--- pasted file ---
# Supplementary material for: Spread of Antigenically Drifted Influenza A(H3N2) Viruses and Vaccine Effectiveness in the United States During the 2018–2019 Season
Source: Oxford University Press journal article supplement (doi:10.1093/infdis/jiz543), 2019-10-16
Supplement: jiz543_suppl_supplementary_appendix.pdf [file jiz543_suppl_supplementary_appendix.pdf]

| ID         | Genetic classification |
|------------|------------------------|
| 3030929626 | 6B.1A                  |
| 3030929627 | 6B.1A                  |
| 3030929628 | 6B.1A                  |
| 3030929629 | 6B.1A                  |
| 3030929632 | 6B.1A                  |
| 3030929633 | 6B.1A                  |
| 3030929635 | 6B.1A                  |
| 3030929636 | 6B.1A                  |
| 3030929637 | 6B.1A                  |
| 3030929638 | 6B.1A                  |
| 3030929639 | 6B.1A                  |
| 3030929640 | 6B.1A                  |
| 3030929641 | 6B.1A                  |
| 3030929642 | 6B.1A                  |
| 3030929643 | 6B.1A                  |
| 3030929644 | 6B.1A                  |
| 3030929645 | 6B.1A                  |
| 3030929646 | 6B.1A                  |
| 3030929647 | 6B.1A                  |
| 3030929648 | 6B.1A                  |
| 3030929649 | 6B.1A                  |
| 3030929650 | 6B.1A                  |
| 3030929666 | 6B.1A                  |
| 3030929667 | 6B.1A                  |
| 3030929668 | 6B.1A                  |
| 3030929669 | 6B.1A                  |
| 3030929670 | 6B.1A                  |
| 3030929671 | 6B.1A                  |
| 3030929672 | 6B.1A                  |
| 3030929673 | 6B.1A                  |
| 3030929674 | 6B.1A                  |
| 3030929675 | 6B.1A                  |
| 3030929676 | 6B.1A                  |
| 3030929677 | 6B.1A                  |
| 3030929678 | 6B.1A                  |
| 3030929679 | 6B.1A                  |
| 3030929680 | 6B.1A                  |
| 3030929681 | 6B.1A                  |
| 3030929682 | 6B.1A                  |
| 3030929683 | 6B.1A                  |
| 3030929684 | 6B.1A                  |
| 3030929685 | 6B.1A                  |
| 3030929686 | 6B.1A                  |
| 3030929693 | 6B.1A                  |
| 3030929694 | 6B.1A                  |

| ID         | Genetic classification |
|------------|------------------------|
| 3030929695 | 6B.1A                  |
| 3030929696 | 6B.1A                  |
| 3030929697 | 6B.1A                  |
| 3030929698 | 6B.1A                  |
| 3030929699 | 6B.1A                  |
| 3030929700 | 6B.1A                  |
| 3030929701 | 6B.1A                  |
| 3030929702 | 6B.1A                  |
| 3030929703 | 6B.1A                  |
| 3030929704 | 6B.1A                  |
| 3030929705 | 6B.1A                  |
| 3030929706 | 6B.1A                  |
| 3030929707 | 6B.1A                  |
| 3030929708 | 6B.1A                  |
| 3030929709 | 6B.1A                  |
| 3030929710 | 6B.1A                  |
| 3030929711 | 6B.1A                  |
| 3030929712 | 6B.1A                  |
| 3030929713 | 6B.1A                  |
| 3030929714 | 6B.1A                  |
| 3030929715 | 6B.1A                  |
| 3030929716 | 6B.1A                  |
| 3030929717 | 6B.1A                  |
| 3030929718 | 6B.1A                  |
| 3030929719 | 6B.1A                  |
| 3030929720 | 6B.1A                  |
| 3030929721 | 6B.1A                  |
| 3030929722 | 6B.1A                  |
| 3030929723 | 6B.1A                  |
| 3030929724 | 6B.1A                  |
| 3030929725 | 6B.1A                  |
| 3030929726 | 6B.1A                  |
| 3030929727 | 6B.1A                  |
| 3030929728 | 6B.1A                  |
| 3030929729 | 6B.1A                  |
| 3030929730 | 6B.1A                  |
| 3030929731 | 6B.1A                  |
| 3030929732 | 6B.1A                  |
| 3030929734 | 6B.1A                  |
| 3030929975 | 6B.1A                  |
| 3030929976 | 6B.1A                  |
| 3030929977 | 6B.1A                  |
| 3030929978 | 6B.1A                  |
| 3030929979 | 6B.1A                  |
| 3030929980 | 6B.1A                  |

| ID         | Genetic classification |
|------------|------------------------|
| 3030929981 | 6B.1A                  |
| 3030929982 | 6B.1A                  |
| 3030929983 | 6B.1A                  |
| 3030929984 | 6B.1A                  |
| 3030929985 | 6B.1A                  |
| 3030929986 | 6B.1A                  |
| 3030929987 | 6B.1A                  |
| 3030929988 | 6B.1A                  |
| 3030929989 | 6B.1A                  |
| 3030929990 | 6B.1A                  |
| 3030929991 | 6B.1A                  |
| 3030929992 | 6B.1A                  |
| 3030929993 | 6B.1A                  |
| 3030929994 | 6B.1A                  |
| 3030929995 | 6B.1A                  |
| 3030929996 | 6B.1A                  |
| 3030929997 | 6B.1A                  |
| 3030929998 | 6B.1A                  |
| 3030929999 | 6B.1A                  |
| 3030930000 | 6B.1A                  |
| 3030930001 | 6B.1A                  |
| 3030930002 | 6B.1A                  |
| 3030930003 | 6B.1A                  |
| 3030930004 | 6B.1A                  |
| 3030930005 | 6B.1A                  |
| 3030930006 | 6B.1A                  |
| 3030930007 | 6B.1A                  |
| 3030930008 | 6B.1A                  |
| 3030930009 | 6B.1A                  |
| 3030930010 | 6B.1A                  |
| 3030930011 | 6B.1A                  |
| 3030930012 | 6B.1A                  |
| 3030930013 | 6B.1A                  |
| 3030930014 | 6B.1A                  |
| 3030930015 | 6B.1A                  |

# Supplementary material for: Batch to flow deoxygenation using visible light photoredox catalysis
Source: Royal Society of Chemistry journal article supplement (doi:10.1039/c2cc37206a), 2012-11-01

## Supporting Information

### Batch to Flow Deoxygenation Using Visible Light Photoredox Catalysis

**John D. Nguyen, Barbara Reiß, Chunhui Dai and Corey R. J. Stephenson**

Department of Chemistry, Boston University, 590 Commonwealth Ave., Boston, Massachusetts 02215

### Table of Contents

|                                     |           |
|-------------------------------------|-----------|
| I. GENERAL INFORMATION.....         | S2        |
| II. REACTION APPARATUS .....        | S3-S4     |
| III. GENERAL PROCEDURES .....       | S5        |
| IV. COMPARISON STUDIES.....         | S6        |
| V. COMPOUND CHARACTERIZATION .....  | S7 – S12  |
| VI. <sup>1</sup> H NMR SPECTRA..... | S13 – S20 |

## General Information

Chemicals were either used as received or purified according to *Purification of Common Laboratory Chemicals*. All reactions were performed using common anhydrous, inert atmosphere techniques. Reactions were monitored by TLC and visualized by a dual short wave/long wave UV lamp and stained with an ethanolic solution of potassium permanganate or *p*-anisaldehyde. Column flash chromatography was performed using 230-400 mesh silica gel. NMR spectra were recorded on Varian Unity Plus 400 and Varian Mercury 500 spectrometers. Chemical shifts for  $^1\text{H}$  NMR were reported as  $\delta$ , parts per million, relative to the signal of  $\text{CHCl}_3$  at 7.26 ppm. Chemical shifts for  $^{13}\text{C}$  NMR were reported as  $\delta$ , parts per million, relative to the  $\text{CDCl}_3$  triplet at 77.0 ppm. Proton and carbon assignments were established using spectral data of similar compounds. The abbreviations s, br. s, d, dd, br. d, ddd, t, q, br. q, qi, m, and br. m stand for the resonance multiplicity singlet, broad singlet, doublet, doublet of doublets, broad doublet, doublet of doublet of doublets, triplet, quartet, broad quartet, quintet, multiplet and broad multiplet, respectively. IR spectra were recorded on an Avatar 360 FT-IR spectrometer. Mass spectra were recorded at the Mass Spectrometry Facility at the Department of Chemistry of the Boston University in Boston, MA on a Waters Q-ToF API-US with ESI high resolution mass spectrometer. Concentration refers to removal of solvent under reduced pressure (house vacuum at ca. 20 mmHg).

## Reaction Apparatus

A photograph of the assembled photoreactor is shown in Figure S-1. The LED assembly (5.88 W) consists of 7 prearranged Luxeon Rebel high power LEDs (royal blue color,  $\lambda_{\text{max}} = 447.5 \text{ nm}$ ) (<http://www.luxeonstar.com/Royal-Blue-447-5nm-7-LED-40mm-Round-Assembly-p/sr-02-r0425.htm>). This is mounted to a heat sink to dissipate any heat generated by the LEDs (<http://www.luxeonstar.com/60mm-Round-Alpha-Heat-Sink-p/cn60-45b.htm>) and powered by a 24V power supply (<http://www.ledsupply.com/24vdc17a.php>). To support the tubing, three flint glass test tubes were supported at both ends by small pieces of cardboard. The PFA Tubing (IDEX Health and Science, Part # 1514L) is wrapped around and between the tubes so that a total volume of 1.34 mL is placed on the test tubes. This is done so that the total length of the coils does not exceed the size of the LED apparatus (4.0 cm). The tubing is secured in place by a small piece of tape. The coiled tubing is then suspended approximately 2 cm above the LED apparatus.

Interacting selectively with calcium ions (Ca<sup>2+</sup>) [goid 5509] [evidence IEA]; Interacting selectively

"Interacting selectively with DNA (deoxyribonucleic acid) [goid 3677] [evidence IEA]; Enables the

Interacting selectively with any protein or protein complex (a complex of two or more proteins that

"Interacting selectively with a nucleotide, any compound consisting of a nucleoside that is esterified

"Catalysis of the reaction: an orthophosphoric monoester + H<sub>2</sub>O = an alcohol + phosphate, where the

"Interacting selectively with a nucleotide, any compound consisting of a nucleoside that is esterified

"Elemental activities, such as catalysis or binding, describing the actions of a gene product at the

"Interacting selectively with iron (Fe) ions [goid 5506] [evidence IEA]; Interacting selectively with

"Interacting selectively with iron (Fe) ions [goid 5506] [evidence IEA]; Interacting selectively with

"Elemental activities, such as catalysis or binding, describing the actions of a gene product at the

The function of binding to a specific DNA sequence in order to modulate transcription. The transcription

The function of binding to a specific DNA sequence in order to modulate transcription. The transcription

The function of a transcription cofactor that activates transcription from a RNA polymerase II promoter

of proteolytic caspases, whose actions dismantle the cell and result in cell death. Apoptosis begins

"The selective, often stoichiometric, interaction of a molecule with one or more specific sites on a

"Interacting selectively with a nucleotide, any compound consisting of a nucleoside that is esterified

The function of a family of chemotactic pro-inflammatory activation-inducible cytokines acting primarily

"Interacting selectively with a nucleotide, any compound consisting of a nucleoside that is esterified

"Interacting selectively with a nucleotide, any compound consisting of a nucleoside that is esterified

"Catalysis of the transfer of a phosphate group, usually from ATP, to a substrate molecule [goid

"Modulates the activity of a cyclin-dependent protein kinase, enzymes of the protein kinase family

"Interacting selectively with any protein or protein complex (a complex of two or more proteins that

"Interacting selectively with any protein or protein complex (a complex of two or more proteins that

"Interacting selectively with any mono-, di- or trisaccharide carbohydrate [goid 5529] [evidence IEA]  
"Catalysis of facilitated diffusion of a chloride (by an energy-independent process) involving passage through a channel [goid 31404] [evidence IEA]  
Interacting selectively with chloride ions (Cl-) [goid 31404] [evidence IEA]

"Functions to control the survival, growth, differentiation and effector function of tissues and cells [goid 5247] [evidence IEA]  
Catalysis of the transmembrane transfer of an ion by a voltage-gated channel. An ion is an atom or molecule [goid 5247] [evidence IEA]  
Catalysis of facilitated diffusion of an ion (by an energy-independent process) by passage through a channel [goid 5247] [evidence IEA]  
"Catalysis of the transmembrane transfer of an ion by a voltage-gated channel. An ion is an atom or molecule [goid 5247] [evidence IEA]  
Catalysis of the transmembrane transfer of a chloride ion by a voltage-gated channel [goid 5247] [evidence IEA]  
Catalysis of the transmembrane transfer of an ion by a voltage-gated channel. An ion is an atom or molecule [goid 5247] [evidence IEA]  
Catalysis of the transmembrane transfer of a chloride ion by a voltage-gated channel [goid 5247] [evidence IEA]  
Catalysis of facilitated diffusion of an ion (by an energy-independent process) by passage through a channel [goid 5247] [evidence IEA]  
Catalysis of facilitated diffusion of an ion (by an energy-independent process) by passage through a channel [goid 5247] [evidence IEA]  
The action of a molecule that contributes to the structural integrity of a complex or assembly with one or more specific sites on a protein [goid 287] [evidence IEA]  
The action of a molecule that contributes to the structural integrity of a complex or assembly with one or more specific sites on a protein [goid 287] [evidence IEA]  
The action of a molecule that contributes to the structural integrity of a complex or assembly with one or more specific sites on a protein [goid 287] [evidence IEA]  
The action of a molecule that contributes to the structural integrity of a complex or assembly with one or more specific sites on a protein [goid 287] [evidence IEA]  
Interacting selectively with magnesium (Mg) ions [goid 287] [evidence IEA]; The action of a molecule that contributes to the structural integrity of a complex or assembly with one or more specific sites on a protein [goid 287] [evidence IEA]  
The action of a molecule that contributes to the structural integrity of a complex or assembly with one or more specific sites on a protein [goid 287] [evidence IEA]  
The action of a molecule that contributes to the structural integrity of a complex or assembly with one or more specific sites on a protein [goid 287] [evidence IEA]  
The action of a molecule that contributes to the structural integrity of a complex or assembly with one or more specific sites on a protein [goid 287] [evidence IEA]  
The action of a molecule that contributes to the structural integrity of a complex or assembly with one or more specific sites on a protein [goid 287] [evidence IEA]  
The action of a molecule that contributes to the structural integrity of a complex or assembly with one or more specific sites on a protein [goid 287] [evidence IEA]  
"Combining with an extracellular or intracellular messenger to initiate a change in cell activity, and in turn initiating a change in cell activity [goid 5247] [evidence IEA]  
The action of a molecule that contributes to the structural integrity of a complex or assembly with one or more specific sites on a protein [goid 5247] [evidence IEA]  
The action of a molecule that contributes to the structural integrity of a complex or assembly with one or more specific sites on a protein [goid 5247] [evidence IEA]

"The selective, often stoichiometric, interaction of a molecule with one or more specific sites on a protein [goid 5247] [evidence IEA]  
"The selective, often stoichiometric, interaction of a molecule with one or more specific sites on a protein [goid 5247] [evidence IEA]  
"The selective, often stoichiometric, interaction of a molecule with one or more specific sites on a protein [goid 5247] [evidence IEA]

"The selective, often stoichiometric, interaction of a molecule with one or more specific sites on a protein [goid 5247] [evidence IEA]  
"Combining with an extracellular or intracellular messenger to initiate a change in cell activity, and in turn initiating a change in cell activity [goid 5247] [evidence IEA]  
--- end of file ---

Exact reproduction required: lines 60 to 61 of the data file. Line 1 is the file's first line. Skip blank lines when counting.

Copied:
| 3030929702 | 6B.1A                  |
| 3030929703 | 6B.1A                  |